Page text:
Walter Duranty (1884-1957) was a classic made man and noxious stooge who played a primary cover-up role in the communistic mass looting and genocide of Ukrainians during a widespread famine (1932–1933) in the USSR.
Duranty was Moscow bureau chief of The New York Times (aka New York Slimes) for 14 years (1922–1936). As the genocide went down, in typical usual-suspect fashion, Duranty in 1932 received a Pulitzer Prize. But 58 years later, a bit of revisionist history was allowed to peek through that resulted in calls to revoke that Pulitzer.
At long last in 1990, the scummy “paper of record” and his employer that submitted his work for the Pulitzer in ’32, confessed that his latter articles that denied the famine constituted “some of the worst reporting to appear in this newspaper.” NYT has been owned by the Jewish Sulzberger family since 1896.
Joseph Alsop and Andrew Stuttaford spoke out against Duranty during the Pulitzer Prize controversy. “Lying was Duranty’s stock in trade,” commented Alsop.
Despite some Duranty criticism and the calls demanding revocation of the Pulitzer, these were ignored or declined by the committee itself.
Duranty was a sketchy character from the get go.
After completing his education in England, he moved to Paris and, according to his biographer, Sally J. Taylor (author of “Stalin’s Apologist”), he met and associated with one Aleister Crowley and participated in Crowley’s magic rituals during this period. Duranty proclaimed that he had “ceased to believe in anything.”
Crowley proved to be a schoolmaster for Duranty’s orgies of sex and drugs. He drank gallons of liquor and slipped into and out of opiate miasmas. Moreover, he liked to talk about the effects of opium on his penis to anyone who would listen. Duranty would talk about his or other mens’ “stick, staff or rod,” as he called it.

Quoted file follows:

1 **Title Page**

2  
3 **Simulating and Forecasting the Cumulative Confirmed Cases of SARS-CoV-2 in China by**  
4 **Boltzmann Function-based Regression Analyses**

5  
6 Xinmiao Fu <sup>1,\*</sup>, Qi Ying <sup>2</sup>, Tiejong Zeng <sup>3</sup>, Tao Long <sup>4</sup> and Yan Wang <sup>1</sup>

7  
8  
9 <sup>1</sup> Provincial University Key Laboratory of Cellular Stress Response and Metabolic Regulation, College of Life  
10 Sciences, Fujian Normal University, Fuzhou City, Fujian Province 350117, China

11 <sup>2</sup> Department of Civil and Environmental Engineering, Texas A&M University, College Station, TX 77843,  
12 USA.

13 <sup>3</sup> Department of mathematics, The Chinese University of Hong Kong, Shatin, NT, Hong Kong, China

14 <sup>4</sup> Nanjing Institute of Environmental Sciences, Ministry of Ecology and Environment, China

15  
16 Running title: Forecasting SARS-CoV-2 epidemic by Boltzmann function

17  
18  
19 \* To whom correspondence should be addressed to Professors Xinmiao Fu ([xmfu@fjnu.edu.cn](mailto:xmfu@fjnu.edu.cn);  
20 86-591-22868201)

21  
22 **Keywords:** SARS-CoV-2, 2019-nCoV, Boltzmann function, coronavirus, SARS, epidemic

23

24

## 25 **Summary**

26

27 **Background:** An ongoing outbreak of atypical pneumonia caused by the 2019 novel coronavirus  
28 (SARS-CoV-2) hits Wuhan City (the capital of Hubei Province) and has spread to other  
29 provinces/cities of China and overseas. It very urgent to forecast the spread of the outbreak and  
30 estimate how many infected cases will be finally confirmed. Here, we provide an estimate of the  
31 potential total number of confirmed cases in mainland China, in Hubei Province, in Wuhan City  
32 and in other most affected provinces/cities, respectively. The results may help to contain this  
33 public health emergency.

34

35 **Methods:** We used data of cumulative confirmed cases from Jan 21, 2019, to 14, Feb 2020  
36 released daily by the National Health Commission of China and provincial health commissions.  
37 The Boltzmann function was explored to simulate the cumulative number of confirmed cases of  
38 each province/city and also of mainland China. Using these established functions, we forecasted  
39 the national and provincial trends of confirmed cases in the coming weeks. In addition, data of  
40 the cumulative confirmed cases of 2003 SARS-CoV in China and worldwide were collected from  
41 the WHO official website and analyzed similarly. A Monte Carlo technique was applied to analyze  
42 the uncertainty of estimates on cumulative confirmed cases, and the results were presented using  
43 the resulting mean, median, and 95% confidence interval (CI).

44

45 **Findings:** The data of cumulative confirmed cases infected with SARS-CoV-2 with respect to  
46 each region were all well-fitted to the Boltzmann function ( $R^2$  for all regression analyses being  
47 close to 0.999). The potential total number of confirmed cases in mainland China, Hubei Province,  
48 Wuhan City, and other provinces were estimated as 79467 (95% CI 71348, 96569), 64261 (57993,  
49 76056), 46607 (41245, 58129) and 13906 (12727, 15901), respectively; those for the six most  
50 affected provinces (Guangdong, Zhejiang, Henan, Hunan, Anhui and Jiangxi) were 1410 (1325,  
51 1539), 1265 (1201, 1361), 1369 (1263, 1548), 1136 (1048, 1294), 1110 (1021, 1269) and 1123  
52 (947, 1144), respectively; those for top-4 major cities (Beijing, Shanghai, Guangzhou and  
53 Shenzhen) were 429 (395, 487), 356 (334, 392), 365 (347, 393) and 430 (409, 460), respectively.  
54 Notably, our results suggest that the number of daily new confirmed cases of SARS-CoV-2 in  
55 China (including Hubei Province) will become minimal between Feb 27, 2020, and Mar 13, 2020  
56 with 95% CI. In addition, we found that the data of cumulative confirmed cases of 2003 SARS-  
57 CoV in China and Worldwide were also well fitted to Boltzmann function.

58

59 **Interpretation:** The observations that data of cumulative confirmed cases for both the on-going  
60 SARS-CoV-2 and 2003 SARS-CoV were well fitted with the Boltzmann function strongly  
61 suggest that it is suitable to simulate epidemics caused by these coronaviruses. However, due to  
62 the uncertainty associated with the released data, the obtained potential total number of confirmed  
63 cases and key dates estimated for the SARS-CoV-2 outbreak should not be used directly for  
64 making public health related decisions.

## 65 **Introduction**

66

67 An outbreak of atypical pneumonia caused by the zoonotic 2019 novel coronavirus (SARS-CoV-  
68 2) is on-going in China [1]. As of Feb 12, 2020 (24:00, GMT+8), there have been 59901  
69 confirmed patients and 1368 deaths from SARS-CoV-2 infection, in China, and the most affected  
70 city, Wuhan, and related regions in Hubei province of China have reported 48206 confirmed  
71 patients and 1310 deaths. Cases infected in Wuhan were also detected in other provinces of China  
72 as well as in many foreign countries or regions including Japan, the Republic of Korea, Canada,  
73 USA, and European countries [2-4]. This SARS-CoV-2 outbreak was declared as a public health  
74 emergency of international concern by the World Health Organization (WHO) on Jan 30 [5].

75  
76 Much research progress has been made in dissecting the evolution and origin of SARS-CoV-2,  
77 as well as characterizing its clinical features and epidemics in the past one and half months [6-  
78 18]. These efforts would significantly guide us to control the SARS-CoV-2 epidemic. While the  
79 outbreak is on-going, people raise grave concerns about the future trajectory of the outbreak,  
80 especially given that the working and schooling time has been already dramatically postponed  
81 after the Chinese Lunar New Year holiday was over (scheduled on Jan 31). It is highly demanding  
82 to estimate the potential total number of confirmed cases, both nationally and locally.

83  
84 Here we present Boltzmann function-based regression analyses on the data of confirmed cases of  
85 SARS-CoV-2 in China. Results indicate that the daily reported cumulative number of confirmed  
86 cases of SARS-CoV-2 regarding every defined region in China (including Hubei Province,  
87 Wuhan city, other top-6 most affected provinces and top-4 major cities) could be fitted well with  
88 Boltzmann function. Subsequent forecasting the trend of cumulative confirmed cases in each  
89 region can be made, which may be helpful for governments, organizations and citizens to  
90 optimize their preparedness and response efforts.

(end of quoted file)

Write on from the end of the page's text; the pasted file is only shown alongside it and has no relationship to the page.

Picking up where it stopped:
In his book “Magick Without Tears,” Crowley referred to Duranty as his “old friend” and quoted from Duranty’s aptly named, sinister book “I Write as I Please.”
Robert Conquest in “The Harvest of Sorrow” (1986) suggested that Duranty was blackmailed over his bisexual pederasty, buggery and sexual proclivities.
Both British intelligence and American engineer Zara Witkin (1900–1940), who worked in the USSR from 1932 to 1934, confirmed that Duranty knowingly misrepresented information about the nature and scale of the famine.
Duranty was a Soviet apologist who argued that the Russian people were “Asiatic” in thought: They valued communal effort and required “autocratic government.” Individualism and private enterprise were alien concepts to the Russian people.
He claimed that the brutal collectivization campaign was motivated by the “hope or promise of a subsequent raising up” of Asian-minded masses in the Soviet Union, which only history could judge.
Rather than just repeating the Stalinist viewpoint, Duranty often admitted the brutality of the Stalinist system and then proceeded to both explain and defend why dictatorship or brutality were necessary.
Read “Stalin’s Jews” on Israeli news site YNet
Ultimately, an estimated 7 million to 13 million Ukrainians died. It was a horrific, slow and agonizingly painful death involving cannibalism, the eating dead human bodies.
At the height of the Ukraine crisis, organized teams of party thugs and activists, motivated by hunger, fear and a decade of hateful propaganda, entered peasant households and took everything edible: potatoes, beets, squash, beans, peas and farm animals.
See “Inside the Halodomar”
Inside the country, the famine was never mentioned. All discussion was actively repressed. Statistics were altered to hide it. The terror was so overwhelming that the silence was complete.